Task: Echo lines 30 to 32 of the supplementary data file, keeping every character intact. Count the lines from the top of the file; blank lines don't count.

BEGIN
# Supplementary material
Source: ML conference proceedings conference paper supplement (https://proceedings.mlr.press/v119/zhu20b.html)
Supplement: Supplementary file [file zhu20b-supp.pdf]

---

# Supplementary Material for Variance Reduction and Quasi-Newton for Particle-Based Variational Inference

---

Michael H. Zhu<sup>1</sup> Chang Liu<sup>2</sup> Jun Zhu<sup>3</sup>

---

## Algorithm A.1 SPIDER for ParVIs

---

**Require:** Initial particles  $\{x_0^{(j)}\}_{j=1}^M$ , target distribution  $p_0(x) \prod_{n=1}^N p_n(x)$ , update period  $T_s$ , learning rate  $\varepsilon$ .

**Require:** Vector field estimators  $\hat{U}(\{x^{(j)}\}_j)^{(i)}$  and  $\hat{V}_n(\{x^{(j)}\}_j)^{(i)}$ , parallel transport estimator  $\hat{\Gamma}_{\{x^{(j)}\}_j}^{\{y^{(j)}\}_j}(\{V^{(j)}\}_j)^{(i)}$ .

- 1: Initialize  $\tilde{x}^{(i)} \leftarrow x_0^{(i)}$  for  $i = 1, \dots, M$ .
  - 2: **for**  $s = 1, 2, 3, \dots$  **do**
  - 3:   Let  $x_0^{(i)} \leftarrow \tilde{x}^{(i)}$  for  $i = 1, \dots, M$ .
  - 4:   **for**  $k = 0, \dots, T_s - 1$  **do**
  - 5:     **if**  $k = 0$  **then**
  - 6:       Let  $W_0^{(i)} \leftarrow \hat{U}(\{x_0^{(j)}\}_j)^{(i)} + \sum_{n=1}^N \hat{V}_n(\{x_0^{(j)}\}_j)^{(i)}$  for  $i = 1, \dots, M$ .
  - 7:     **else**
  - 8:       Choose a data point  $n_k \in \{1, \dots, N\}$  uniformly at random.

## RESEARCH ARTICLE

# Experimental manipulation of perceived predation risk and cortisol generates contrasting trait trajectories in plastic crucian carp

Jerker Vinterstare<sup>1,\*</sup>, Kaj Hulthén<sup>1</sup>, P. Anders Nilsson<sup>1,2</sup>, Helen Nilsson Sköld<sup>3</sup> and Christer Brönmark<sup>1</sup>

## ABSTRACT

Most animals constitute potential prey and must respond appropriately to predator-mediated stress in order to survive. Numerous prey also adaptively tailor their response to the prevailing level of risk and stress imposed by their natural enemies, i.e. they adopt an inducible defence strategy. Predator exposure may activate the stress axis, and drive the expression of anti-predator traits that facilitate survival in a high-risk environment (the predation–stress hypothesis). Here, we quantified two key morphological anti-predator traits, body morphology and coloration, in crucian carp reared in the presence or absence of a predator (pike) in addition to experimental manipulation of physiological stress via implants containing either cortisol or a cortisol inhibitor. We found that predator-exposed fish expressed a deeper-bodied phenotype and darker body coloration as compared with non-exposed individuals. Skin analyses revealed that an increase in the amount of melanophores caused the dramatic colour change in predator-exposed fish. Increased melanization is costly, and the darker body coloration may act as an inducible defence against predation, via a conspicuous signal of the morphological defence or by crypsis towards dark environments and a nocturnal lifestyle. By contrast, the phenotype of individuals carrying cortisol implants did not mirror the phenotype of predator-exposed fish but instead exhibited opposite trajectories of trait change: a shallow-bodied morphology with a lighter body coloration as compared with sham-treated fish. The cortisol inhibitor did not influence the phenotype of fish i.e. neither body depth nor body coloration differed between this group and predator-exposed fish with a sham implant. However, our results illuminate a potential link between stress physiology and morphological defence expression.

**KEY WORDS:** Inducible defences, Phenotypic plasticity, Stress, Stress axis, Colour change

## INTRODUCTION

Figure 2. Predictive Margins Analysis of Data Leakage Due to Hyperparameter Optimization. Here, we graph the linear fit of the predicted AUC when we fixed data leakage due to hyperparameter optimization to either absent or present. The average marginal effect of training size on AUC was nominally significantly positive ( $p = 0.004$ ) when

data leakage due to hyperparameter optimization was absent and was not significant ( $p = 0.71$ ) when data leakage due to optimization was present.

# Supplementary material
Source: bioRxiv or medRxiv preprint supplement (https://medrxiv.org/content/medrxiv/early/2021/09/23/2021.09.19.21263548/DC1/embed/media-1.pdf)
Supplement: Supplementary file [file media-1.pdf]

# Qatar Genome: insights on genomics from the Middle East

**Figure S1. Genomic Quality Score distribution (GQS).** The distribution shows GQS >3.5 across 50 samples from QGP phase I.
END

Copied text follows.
# Supplementary material
Source: bioRxiv or medRxiv preprint supplement (https://medrxiv.org/content/medrxiv/early/2021/09/23/2021.09.19.21263548/DC1/embed/media-1.pdf)
Supplement: Supplementary file [file media-1.pdf]